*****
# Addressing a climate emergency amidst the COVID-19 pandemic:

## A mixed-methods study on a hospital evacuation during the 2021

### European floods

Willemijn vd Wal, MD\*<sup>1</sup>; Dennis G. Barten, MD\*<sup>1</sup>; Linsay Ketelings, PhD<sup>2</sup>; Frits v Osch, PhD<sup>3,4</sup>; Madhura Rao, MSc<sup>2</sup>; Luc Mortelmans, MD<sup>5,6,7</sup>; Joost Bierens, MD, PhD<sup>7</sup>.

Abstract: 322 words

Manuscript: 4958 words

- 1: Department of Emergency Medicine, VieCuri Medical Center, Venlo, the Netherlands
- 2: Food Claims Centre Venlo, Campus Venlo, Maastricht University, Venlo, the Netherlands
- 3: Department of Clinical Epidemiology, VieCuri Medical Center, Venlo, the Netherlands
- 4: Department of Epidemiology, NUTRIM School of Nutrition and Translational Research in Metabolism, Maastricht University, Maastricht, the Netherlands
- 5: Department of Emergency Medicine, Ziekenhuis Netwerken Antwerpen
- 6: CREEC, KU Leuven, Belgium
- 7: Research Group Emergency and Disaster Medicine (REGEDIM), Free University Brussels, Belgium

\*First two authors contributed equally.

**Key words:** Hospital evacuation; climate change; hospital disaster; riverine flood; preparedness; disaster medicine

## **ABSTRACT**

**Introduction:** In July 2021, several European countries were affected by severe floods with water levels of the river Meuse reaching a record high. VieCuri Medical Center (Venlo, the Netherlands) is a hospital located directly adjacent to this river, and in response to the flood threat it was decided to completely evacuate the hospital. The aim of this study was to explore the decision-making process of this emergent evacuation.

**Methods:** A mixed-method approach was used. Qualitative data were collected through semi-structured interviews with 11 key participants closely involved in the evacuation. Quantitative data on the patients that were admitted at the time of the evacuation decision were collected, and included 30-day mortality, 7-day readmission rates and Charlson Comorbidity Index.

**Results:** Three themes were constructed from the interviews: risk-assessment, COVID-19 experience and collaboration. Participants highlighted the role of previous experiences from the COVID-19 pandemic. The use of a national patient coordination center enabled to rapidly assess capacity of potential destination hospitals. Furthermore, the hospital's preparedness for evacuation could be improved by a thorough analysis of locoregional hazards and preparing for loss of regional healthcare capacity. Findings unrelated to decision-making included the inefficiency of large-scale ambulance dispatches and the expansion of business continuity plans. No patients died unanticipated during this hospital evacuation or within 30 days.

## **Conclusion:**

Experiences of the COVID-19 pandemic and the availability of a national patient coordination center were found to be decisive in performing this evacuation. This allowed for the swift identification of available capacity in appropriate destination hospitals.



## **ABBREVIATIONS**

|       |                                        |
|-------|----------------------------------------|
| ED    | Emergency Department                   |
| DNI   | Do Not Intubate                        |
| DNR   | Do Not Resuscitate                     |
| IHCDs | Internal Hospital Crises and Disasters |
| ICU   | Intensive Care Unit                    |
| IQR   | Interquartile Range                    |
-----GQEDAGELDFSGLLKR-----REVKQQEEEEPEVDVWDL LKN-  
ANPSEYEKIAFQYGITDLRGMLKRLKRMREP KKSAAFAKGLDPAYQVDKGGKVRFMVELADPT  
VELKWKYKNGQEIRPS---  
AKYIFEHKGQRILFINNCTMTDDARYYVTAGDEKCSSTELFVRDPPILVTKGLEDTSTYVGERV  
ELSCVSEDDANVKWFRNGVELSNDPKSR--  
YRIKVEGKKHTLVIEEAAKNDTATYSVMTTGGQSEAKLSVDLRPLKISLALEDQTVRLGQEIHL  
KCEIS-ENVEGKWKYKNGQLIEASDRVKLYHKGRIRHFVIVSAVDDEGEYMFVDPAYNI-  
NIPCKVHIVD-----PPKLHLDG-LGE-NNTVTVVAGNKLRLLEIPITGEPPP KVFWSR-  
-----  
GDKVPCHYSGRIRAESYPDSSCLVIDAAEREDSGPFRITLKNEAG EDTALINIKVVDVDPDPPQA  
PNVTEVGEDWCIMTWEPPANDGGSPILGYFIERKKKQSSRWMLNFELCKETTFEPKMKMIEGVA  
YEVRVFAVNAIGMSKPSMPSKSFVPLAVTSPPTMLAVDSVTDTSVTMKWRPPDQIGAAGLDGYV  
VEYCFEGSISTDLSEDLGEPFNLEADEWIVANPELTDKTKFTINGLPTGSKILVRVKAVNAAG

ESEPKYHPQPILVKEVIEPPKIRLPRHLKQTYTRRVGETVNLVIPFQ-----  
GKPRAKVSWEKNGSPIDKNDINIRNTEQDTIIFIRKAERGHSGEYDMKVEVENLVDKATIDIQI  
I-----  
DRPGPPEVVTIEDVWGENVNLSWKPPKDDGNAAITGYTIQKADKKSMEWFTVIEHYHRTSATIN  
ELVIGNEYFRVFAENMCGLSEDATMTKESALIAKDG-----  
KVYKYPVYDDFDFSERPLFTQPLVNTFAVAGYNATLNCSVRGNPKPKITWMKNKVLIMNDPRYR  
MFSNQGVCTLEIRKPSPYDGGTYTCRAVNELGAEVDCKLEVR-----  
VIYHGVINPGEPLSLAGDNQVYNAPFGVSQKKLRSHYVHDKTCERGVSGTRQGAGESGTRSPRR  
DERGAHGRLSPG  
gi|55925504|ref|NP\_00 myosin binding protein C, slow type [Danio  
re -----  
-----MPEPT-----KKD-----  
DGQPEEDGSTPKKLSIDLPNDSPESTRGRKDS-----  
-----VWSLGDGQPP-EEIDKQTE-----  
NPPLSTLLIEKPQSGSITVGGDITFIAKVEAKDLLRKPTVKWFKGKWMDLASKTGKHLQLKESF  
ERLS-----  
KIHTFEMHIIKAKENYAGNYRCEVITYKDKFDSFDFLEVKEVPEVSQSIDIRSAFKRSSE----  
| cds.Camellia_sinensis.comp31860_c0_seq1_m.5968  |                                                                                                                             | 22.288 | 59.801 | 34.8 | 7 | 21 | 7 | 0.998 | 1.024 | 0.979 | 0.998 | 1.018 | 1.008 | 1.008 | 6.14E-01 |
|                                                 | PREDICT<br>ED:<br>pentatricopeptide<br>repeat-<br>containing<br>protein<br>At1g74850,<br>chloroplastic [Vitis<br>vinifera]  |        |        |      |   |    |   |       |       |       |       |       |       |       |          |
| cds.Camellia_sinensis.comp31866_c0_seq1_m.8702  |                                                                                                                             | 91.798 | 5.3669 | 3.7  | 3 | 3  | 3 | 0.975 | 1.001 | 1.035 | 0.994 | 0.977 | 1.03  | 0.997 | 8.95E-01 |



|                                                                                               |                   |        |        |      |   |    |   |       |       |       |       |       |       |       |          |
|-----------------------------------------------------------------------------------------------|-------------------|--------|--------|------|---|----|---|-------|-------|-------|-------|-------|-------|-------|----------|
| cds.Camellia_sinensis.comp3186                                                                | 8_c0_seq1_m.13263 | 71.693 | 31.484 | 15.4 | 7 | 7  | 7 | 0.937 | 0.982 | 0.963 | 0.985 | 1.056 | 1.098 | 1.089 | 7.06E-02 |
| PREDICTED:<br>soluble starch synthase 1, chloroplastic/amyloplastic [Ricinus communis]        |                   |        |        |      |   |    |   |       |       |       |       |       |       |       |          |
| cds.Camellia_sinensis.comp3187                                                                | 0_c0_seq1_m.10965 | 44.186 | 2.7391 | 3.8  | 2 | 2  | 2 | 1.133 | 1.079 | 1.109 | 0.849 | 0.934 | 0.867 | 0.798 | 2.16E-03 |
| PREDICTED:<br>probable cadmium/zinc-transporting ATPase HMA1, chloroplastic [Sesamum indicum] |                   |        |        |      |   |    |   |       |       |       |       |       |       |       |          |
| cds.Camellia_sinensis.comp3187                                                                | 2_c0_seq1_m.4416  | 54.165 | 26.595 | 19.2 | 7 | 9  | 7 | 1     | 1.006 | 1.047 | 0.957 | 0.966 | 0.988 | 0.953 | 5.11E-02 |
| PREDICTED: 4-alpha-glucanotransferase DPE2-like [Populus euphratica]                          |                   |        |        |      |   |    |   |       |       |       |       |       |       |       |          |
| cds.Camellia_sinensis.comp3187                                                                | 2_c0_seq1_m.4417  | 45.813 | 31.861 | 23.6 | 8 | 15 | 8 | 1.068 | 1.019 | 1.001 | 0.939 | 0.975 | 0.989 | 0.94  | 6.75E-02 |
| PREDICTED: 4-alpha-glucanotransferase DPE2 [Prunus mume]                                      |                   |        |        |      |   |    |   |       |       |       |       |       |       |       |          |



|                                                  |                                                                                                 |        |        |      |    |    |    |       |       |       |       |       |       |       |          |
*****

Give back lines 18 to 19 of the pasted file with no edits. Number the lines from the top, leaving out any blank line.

**Methods:** A mixed-method approach was used. Qualitative data were collected through semi-structured interviews with 11 key participants closely involved in the evacuation. Quantitative data on the patients that were admitted at the time of the evacuation decision were collected, and included 30-day mortality, 7-day readmission rates and Charlson Comorbidity Index.

**Results:** Three themes were constructed from the interviews: risk-assessment, COVID-19 experience and collaboration. Participants highlighted the role of previous experiences from the COVID-19 pandemic. The use of a national patient coordination center enabled to rapidly assess capacity of potential destination hospitals. Furthermore, the hospital's preparedness for evacuation could be improved by a thorough analysis of locoregional hazards and preparing for loss of regional healthcare capacity. Findings unrelated to decision-making included the inefficiency of large-scale ambulance dispatches and the expansion of business continuity plans. No patients died unanticipated during this hospital evacuation or within 30 days.